Everyone knows the date. The legacy of Yoyoy Villame will forever outlive him as Filipinos all over the islands and all over the world sing March 16, 1521 with the one rhythm everyone seems to know. Yet, as widespread as that song is, it isn’t entirely correct. Of course, the jokes about Magellan crying for his mother to call the doctor isn’t historically accurate. But, there is another. The Philippines was not discovered by Magellan. After all, our ancestors lived here the entire time.
By today, it would have been 500 years since Magellan had his first glimpse of the Philippine islands. For him, it would have been an opportunity for fortune. The spice trade was a very profitable venture, to the point that even just a single ship’s worth of spices was enough to recompense the cost to fund a 4-year long journey to circumvent the world.
That lucrative opportunity, however, is backed and fueled by blood and slavery. For 333 years, our ancestors were subjected to slavery that transcends time — one that chains even modern Filipinos. While the Spaniards, most of them colonialists, earned meravides and reales by the shipload, their brown slaves got none of these riches as they toiled and cultivated the earth and waters which were owned by the natives by birthright.
And much more than riches were lost. Cultures, languages, and ideas were burnt to ash, replaced by a culture of insecurity that reaches out towards us today, making us crave for the validation of foreigners. We are what we are today, a nation desperate for attention, because our ancestors were chained and shamed.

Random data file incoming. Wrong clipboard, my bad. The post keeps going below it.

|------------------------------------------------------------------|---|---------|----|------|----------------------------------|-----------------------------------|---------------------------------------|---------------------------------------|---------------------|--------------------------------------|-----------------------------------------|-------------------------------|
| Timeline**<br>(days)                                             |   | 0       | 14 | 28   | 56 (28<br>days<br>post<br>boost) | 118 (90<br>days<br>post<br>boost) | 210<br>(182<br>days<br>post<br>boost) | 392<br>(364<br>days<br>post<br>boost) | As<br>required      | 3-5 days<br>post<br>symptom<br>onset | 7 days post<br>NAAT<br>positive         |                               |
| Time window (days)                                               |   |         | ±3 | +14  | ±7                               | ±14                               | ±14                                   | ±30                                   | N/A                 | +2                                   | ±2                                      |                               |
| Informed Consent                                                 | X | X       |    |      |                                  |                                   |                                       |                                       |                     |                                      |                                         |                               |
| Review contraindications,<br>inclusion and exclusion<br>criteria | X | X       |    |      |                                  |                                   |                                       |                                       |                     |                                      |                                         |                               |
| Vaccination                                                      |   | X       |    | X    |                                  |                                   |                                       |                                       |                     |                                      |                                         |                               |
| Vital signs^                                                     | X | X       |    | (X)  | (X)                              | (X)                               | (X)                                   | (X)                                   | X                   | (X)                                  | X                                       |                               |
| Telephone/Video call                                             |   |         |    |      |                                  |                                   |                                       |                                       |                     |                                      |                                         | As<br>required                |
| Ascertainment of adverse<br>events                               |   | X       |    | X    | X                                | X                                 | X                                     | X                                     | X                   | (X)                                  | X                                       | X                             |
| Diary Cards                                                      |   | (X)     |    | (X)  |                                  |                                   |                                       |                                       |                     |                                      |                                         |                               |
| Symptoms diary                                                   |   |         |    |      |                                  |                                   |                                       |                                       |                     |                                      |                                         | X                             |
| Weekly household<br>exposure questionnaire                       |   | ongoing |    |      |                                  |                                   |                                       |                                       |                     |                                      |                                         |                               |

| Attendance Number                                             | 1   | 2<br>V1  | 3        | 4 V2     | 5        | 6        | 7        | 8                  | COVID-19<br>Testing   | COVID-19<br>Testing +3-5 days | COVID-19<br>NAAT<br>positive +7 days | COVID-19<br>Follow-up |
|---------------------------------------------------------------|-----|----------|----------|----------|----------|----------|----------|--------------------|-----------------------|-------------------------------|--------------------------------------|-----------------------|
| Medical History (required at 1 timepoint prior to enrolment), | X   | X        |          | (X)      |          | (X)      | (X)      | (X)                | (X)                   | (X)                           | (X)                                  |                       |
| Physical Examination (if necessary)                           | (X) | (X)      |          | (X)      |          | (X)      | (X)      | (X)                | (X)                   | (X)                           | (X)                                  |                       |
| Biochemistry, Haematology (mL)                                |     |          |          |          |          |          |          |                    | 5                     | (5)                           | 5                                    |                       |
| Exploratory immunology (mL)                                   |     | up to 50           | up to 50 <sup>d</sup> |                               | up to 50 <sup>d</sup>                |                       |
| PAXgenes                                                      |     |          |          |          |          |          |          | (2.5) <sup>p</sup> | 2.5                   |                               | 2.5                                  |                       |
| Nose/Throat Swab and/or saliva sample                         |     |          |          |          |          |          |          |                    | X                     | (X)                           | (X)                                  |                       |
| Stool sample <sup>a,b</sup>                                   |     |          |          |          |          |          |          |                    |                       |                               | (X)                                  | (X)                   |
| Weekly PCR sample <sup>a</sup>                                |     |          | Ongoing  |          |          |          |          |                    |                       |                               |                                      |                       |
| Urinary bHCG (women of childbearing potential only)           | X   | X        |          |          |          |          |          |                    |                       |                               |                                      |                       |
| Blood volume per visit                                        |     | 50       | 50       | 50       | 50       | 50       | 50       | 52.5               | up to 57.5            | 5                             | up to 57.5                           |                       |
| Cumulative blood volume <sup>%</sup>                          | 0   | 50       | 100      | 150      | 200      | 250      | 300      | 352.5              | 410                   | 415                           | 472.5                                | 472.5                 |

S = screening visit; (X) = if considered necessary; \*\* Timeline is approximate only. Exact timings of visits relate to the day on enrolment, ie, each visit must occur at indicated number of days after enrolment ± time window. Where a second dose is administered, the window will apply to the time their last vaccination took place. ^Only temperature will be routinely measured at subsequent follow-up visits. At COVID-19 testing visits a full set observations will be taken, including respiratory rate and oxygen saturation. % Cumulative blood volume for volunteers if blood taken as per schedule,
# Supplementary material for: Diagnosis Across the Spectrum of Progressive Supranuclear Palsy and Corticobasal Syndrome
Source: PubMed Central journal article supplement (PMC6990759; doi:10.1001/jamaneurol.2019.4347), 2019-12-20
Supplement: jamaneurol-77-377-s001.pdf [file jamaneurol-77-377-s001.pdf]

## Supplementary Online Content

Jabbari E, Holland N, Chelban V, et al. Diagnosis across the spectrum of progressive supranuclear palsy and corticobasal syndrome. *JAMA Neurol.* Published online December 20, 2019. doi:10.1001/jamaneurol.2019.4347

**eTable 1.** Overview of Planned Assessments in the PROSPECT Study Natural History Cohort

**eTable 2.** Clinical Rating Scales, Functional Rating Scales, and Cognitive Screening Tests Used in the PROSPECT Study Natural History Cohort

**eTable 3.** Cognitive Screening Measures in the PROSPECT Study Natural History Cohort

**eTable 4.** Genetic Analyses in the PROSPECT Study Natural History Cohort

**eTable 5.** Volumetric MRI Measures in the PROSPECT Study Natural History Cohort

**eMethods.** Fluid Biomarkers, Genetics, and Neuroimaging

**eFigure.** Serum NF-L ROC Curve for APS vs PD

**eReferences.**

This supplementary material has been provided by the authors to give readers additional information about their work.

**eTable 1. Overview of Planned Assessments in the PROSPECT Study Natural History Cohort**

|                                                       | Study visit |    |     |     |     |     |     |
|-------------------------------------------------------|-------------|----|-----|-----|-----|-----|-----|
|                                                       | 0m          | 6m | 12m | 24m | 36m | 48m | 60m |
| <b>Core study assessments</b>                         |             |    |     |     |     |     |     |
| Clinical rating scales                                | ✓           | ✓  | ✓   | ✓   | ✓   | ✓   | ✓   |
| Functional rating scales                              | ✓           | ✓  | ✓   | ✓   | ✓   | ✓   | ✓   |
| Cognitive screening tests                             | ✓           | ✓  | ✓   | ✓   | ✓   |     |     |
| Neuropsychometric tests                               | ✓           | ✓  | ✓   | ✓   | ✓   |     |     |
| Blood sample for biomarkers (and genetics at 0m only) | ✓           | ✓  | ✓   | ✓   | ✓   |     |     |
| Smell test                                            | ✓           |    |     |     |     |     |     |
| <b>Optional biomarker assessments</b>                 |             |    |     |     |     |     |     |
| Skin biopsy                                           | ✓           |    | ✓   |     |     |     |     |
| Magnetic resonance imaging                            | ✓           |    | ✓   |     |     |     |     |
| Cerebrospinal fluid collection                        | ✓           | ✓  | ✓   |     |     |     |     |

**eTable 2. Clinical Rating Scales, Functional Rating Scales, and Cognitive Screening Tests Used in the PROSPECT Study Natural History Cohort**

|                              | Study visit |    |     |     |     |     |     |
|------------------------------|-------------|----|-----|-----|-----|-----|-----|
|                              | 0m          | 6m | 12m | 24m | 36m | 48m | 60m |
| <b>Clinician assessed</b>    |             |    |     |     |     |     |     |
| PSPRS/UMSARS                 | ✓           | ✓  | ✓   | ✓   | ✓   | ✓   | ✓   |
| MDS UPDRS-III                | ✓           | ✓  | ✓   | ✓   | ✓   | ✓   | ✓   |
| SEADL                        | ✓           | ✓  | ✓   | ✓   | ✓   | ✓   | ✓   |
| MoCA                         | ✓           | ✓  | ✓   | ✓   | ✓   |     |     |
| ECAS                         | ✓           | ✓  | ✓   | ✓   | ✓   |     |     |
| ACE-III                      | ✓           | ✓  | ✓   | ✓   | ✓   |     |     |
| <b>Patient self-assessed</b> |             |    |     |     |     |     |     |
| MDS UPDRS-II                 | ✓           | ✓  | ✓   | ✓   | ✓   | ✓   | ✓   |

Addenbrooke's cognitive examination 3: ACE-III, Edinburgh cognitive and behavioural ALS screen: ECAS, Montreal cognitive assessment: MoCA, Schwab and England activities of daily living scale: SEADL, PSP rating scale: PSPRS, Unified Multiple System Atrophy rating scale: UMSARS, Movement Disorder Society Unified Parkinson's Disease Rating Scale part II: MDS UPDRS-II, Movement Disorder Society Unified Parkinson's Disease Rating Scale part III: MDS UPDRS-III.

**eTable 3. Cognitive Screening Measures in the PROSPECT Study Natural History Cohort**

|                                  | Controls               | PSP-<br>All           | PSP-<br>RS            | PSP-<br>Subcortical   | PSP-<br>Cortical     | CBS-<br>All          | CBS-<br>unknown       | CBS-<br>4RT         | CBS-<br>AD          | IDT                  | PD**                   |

Some would often cite the “white man’s burden” when defending the slavery of the ancient Filipinos. It is true that it was the Spaniards who introduced us to Western society and technologies. However, that was never their intent. If anything, they developed the Philippines for them to feel more comfortable in this tropical heat, for them to make the place more “livable.” As if our ancestors had not lived here longer than them!
While it is a good step to repair wounds, this quincentenary being a diplomatic mission after all, it is an entirely different thing to say that the scars were never there in the first place. It must not be forgotten that our ancestors were enslaved for three centuries. It must not be forgotten that the riches of the earth and the waters and the toils of generations were never given to our ancestors. It must not be forgotten that the pain we feel today is a result of generations upon generations of colonialism.
Most importantly, it must not be forgotten that we must forgive, for those that live today have not done the wrongs of the past.
Today, may we remember and never forget.